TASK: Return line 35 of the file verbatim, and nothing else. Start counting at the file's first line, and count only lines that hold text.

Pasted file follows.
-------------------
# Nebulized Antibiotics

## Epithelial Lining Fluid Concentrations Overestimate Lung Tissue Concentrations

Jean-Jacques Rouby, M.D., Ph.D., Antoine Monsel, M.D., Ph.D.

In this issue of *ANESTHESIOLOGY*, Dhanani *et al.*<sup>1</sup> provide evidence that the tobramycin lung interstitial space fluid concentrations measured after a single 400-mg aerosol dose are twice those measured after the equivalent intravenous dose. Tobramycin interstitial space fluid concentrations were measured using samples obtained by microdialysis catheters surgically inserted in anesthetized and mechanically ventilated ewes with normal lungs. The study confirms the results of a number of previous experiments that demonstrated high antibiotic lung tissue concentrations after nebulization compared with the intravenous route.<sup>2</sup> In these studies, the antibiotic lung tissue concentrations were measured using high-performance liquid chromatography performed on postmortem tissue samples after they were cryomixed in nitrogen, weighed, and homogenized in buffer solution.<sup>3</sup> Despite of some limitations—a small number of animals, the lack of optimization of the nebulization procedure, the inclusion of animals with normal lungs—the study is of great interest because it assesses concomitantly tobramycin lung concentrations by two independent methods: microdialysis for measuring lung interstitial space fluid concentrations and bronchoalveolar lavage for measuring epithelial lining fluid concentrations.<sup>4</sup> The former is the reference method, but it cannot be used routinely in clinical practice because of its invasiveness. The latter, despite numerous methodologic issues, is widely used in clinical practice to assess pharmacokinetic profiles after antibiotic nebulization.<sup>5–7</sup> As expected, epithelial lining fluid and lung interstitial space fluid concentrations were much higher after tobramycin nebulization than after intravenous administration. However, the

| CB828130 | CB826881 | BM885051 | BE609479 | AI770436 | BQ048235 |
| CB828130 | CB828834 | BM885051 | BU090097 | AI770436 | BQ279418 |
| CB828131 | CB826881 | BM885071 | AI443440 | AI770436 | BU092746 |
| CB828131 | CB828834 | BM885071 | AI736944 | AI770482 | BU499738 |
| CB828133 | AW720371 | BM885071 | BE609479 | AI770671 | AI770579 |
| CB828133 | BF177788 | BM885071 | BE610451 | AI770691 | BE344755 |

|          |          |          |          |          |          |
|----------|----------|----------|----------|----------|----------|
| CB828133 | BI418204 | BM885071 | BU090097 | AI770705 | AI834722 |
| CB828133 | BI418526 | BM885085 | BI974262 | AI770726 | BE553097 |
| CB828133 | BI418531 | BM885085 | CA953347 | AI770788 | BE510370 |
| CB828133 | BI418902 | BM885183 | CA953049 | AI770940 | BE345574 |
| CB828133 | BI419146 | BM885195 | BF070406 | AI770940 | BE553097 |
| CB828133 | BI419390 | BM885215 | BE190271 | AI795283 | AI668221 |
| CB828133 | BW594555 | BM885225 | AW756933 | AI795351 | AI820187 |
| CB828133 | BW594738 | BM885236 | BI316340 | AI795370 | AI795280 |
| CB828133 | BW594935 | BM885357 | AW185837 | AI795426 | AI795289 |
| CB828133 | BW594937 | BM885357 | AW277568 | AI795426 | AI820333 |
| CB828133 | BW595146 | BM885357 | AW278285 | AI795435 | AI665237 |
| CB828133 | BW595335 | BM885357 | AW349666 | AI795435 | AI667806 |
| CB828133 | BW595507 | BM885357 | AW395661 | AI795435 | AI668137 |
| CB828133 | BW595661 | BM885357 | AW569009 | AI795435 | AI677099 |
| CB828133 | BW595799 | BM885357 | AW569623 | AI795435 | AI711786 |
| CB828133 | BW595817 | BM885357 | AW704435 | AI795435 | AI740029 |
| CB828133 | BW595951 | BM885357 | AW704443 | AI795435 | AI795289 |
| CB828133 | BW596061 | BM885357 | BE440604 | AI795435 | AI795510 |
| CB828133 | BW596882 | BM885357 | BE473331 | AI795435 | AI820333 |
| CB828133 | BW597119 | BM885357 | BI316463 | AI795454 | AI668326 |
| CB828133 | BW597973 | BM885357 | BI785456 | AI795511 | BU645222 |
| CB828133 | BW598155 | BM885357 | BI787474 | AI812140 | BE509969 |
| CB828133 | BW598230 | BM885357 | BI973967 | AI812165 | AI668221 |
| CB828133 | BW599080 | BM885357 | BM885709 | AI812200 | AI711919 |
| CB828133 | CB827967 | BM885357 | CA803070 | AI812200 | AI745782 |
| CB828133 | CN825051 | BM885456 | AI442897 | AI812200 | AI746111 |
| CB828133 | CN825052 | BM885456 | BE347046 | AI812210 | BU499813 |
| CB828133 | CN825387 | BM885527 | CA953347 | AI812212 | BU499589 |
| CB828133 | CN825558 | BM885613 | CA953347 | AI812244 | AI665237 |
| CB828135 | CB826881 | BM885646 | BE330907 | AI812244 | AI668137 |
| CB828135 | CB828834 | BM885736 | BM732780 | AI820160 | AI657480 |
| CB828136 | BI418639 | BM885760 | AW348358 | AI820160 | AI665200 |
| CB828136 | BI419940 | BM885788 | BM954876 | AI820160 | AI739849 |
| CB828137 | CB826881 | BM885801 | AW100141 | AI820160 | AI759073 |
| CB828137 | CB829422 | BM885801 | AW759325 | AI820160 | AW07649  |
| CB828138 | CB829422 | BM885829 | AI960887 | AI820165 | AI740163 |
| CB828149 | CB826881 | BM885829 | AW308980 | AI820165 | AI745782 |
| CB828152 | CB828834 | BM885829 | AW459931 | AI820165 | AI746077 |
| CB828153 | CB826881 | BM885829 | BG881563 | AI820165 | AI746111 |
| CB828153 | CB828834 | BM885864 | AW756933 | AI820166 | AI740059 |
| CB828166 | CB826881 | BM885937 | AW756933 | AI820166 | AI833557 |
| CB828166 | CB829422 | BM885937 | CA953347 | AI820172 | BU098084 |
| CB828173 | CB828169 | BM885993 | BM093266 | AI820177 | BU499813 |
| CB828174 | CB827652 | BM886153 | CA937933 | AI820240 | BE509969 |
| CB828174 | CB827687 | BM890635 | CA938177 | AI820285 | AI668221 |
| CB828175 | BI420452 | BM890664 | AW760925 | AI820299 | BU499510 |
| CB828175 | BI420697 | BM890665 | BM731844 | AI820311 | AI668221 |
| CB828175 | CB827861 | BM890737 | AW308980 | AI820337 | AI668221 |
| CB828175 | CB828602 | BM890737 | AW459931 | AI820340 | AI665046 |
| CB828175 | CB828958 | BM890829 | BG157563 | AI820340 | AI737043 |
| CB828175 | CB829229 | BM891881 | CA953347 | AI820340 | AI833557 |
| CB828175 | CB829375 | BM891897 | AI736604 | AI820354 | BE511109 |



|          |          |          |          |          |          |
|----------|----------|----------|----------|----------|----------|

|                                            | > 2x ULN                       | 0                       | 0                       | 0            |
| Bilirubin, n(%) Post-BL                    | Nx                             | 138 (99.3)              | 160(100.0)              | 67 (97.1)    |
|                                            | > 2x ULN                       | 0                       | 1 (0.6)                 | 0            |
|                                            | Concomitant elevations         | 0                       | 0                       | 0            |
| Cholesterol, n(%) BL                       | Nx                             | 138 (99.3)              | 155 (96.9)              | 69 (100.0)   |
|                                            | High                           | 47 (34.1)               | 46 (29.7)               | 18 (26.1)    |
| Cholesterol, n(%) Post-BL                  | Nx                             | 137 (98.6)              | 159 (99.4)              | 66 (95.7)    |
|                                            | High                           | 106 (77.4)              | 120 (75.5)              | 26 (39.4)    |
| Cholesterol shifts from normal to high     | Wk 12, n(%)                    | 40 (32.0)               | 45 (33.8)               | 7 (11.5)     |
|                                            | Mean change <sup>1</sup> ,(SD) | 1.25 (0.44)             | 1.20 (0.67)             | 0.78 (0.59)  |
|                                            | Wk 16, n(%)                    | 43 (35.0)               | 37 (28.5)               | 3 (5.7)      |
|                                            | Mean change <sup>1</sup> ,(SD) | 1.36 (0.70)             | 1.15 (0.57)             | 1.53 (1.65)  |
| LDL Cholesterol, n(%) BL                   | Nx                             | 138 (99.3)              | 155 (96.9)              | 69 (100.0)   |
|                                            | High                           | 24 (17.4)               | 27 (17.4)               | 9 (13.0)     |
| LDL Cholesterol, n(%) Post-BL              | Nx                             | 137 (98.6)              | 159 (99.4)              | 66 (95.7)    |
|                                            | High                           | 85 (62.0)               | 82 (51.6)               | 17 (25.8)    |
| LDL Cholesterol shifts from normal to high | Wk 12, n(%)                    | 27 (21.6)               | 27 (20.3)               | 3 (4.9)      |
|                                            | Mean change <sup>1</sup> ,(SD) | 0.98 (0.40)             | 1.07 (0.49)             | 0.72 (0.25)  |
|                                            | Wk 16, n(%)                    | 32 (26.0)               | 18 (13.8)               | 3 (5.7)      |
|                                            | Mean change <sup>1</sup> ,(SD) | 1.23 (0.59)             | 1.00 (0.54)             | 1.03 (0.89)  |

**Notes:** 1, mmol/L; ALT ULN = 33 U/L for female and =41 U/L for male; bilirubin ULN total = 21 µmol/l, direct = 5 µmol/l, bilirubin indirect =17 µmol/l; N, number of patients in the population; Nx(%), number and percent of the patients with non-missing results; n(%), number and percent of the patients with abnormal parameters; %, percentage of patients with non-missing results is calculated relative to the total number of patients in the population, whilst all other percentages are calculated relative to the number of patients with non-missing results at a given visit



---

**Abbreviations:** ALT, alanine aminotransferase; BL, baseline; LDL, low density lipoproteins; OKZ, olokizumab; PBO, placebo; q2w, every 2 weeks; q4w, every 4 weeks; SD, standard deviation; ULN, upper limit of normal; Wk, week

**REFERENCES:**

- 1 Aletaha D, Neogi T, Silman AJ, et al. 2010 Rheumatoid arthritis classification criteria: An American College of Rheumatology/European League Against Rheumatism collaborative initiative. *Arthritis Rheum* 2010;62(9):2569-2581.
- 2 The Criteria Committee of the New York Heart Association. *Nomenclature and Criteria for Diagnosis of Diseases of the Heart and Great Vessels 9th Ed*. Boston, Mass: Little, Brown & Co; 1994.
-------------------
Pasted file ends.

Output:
| CB828133 | BW598230 | BM885357 | BI973967 | AI812165 | AI668221 |